Wednesday, 15 May 2013

D-Blog Week, Day 3 - Memories

Today we’re going to share our most memorable diabetes day. You can take this anywhere.... your or your loved ones diagnosis, a bad low, a bad high, a big success, any day that you’d like to share. (Thanks to Jasmine of Silver-Lined for this topic suggestion.)

Its only been a little over a year, so I don’t say I have the stories that others have about diabetes, but I’m sure there will be plenty in the years to come.

There are two days that really stick out in my mind though.

The first being the night that Amy was diagnosed.

There were a few things that triggered in my mind that Amy could have diabetes.  The two main symptoms included drinking A LOT and dribbling in her panties throughout the night.  She was a child that didn’t usually drink much and here she was going to the fridge reloading her water bottle and she had never wet the bed.  I was hoping it was just a UTI and had scheduled an appointment for her with our family physician.  For the time being, we started restricting her water.  We wouldn’t let her drink anything after bedtime snack.  After a huge bruise appeared on her leg from playing xbox kinect, I went to work and brought home a glucometer to test her sugar.  She was 19mmol/L.  Long story short (you can read our full diagnosis story here), when I brought her over to the emergency department and they got ready to give her the first shot of insulin, she started to wail and say “I’m sorry.  I’m sorry.  I’ll stop drinking so much!”  This totally broke my heart, and I will always remember the look of terror in her face.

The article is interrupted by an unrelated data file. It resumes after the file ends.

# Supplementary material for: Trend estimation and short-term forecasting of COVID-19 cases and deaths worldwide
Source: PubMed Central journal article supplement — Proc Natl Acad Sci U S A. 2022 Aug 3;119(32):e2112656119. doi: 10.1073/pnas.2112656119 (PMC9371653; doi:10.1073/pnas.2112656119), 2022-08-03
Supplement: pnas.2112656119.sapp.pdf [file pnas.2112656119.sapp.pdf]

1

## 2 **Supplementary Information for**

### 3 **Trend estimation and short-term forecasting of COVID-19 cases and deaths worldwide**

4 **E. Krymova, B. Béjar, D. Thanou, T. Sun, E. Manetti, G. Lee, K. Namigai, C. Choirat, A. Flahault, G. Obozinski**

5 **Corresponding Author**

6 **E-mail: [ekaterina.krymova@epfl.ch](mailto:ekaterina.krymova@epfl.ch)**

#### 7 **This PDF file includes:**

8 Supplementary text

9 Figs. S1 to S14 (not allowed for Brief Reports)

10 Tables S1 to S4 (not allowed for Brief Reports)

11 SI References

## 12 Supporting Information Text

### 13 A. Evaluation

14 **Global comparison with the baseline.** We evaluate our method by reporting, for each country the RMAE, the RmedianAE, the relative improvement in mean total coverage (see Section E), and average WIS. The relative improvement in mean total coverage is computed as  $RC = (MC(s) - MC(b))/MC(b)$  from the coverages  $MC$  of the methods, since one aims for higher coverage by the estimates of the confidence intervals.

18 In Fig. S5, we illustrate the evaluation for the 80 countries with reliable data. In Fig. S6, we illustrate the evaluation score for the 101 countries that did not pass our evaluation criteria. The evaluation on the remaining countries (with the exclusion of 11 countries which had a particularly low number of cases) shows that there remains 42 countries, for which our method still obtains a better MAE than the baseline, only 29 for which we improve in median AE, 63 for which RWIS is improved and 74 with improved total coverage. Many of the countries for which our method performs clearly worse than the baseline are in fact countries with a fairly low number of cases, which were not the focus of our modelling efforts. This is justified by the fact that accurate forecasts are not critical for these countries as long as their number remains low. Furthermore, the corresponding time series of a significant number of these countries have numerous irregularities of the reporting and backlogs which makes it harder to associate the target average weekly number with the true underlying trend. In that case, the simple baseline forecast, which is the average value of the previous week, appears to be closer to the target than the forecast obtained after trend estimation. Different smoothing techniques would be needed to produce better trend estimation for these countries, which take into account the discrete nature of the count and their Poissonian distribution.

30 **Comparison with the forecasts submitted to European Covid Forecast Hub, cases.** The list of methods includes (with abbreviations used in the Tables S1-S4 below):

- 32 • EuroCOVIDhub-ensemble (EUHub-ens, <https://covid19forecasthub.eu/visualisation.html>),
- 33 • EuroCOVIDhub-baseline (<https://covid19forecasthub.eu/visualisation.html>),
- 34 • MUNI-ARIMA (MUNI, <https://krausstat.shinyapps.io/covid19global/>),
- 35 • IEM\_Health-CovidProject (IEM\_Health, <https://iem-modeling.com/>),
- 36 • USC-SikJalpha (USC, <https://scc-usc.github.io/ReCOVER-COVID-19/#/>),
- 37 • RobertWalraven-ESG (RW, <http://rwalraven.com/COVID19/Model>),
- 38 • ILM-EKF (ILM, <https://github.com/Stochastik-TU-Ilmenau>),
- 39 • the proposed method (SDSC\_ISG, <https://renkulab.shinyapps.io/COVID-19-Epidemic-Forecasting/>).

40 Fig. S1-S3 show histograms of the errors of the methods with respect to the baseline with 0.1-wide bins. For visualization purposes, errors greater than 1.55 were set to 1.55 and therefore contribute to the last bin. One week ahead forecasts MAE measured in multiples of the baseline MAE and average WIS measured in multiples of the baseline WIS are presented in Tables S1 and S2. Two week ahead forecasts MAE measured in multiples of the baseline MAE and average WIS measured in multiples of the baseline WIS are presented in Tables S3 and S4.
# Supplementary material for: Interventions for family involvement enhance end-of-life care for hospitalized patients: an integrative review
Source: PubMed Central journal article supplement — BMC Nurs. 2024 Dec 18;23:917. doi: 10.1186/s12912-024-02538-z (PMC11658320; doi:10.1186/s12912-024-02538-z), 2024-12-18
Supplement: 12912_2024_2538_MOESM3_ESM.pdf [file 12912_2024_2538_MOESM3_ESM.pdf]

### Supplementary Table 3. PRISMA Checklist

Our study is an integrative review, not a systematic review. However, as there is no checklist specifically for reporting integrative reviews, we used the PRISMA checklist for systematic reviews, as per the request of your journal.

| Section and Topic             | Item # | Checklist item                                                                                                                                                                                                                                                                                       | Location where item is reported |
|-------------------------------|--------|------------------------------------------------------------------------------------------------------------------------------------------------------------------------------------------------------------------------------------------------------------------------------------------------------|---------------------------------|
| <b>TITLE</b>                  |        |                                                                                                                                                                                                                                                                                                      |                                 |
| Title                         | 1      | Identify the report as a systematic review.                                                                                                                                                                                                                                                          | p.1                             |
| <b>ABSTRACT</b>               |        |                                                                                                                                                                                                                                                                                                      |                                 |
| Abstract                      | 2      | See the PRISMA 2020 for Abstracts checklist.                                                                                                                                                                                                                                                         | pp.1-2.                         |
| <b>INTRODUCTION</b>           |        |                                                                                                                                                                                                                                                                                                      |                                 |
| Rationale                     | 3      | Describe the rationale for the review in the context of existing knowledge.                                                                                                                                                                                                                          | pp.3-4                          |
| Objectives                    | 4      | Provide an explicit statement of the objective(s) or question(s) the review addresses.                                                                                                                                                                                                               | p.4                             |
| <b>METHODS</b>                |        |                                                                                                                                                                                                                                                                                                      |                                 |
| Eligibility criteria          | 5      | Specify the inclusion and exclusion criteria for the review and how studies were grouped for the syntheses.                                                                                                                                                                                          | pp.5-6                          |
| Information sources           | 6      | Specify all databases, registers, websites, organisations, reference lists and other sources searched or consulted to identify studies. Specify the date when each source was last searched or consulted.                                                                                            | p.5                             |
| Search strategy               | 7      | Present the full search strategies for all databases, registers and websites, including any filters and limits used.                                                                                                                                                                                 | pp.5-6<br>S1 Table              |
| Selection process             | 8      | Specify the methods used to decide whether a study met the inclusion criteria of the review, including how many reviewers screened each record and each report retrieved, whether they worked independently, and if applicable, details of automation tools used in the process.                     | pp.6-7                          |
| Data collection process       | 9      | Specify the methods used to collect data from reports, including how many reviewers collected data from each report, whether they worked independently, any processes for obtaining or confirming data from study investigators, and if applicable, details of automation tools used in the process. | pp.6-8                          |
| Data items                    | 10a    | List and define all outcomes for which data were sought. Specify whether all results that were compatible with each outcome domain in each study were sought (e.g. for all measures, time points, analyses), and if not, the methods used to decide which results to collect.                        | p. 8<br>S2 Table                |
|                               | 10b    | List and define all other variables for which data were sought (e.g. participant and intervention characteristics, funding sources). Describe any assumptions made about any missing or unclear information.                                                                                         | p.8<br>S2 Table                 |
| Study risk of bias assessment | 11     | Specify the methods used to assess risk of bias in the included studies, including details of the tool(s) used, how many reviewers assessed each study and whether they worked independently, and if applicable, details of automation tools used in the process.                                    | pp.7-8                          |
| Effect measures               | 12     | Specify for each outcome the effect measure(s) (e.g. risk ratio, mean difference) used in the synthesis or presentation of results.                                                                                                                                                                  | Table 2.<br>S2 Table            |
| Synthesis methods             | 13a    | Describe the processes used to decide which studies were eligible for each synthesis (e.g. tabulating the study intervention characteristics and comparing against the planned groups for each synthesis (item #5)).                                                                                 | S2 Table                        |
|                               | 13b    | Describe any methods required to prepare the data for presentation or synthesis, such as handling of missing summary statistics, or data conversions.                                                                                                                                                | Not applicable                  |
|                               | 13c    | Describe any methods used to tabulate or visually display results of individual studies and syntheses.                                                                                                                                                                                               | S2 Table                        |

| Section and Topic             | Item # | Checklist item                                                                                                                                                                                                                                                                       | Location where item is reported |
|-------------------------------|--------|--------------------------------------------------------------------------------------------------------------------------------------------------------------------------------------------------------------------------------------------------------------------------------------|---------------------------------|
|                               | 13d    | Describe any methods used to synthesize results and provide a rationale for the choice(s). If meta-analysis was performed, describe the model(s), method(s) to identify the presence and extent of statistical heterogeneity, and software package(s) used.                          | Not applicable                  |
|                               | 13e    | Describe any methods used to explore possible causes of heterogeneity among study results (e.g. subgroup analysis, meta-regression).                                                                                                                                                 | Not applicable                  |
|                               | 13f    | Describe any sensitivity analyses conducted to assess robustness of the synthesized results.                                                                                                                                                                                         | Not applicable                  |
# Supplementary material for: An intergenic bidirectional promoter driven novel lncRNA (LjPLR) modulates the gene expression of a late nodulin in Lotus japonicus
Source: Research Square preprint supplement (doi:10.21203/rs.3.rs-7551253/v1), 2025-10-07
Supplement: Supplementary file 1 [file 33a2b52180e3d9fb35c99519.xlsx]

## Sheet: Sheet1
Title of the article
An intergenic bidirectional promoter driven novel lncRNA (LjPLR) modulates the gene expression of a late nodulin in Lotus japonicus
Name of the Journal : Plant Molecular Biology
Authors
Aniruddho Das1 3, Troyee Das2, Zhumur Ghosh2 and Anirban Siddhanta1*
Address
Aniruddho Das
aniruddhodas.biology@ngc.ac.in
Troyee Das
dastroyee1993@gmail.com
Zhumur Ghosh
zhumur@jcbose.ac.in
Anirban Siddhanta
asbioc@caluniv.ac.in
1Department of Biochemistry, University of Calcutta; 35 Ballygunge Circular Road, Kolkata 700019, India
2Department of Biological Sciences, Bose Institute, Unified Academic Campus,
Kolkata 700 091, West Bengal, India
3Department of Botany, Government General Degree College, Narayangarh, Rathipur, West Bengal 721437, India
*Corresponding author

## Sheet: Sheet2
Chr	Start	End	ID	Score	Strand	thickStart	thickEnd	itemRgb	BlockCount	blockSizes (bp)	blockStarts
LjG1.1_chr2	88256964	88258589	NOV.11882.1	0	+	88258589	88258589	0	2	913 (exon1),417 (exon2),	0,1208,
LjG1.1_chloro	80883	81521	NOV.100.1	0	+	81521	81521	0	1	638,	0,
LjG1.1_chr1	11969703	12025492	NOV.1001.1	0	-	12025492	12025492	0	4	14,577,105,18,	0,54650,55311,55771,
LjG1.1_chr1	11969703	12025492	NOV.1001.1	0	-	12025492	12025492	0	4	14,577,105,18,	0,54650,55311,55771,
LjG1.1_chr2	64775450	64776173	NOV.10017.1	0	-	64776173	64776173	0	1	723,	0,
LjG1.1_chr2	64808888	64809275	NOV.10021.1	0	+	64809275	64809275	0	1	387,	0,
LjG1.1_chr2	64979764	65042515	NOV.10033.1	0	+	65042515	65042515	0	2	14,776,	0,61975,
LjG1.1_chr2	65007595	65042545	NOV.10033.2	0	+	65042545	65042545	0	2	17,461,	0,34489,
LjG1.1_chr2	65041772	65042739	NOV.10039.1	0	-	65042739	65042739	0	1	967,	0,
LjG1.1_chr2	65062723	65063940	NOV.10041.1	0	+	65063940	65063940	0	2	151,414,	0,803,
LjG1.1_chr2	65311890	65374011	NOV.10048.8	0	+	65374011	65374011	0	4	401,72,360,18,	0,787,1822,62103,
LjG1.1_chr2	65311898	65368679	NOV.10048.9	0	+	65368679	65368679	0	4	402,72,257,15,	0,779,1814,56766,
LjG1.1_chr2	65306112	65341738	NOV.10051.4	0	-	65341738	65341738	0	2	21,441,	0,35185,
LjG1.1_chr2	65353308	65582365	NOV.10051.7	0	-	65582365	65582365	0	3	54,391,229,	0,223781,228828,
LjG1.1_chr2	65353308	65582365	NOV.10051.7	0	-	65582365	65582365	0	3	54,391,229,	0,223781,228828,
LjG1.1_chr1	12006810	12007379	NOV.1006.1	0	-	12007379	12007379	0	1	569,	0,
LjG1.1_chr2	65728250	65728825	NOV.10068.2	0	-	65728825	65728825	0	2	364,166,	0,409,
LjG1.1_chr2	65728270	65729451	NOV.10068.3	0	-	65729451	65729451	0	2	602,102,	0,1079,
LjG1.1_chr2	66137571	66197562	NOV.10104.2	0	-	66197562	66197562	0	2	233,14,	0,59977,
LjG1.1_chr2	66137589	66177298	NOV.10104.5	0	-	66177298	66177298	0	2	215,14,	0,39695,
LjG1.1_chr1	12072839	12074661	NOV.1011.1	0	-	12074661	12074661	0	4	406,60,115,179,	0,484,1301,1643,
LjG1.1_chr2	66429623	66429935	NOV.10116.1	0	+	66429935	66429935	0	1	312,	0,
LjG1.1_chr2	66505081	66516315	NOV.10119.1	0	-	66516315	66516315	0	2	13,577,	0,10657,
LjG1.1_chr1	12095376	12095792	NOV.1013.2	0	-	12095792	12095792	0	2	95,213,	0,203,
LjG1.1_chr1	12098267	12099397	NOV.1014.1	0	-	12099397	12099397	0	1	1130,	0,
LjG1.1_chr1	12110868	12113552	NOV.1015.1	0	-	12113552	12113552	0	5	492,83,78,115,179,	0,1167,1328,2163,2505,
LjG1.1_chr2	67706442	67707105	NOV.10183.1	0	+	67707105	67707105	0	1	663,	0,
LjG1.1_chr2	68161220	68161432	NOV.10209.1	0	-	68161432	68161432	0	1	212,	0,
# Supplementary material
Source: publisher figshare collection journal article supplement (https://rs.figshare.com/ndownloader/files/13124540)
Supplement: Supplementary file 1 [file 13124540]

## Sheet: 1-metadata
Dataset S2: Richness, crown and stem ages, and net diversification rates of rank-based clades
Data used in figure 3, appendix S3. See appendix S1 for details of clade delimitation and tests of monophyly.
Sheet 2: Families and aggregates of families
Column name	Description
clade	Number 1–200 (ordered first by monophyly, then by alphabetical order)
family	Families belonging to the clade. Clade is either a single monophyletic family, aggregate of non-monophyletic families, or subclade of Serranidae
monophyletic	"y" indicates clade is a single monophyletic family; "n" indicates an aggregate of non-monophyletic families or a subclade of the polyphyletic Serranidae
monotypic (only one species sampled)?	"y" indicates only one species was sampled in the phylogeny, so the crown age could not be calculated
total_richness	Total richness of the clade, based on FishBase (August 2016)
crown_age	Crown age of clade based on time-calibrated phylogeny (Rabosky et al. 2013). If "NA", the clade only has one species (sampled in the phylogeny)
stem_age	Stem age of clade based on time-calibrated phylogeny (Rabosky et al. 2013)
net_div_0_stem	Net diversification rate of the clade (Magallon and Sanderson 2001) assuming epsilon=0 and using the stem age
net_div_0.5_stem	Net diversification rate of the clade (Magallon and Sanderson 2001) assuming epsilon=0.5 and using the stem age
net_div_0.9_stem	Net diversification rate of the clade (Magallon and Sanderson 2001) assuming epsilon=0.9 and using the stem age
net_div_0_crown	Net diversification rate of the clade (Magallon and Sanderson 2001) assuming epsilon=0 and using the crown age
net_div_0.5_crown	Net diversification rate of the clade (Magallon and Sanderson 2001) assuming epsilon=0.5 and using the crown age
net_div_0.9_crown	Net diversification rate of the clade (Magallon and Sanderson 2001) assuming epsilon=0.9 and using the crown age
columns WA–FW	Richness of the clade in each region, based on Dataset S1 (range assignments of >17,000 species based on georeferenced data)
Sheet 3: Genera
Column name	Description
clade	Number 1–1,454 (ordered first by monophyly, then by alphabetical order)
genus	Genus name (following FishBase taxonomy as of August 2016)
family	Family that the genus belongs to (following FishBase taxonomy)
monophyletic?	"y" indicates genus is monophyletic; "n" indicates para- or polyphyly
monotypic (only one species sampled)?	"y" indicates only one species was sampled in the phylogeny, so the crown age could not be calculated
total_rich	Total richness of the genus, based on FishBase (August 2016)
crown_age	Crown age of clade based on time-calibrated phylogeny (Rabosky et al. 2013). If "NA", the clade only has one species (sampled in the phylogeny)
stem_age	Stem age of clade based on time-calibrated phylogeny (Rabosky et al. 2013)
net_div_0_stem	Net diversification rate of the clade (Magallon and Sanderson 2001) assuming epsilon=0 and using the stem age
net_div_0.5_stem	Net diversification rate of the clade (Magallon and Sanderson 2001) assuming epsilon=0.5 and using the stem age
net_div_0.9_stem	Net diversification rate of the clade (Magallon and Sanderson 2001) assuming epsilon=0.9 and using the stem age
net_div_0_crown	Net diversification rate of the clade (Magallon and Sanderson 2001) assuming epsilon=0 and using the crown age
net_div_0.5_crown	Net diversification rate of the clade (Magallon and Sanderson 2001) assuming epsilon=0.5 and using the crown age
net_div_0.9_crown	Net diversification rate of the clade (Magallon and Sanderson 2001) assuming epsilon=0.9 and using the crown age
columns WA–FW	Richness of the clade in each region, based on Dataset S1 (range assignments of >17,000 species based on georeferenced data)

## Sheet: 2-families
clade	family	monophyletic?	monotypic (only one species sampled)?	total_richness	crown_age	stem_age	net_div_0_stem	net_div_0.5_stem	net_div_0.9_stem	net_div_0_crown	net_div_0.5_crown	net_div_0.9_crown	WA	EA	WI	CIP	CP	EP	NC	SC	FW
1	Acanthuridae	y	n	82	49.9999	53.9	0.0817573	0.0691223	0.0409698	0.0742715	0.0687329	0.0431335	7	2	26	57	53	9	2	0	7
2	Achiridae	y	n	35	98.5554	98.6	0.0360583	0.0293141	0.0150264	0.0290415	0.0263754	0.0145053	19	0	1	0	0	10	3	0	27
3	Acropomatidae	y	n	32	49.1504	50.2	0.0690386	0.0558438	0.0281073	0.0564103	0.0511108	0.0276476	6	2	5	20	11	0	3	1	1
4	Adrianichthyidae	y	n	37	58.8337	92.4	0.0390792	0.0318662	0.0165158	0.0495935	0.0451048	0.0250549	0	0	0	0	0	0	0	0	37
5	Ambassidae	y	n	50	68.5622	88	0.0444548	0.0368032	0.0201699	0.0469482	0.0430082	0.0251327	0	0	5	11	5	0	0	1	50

The other story was about a week later.

We were sitting at the table eating tacos for supper.  Amy stopped mid-chew and nonchalantly said “Having diabetes is better than being dead”.  I just smiled at her and said “yes baby, that’s right”, excused myself from the table, went to the bathroom and had a good cry.  I think that was the first big cry I had about the diagnosis, and likely won’t be the last in the years to come.

Click here to read more from others on today's topic.


  1. I love your 2nd story of your memories blog - with your daughter's words that made you weep. I'm the same way. I've seen dear friends of mine die of cancer - my sailboat - Jenna's Journey is named after a young brave 17 year old - who fought her battle with cancer. When we'd meet up - me with my pump full of insulin - and her with her pain meds - we made the most of the time we had together ( (. Perhaps if she'd had diabetes - she'd still be around .... "Having diabetes is better han being dead". Thank you soooooo much for your post!!!

    1. Thanks for your kind words.
      On a side note, my grandmother was diagnosed in the 50s, she's lived nearly 60 years with diabetes, and is doing quite well. She is a great inspiration for us.

  2. My ds was dx'd less than 6m ago, at age 16. In those first weeks, when I would wake him in the morning, he would often look at me and with a big grin, 'yep, I didn't die last night.' Yes, I can so relate to your second story.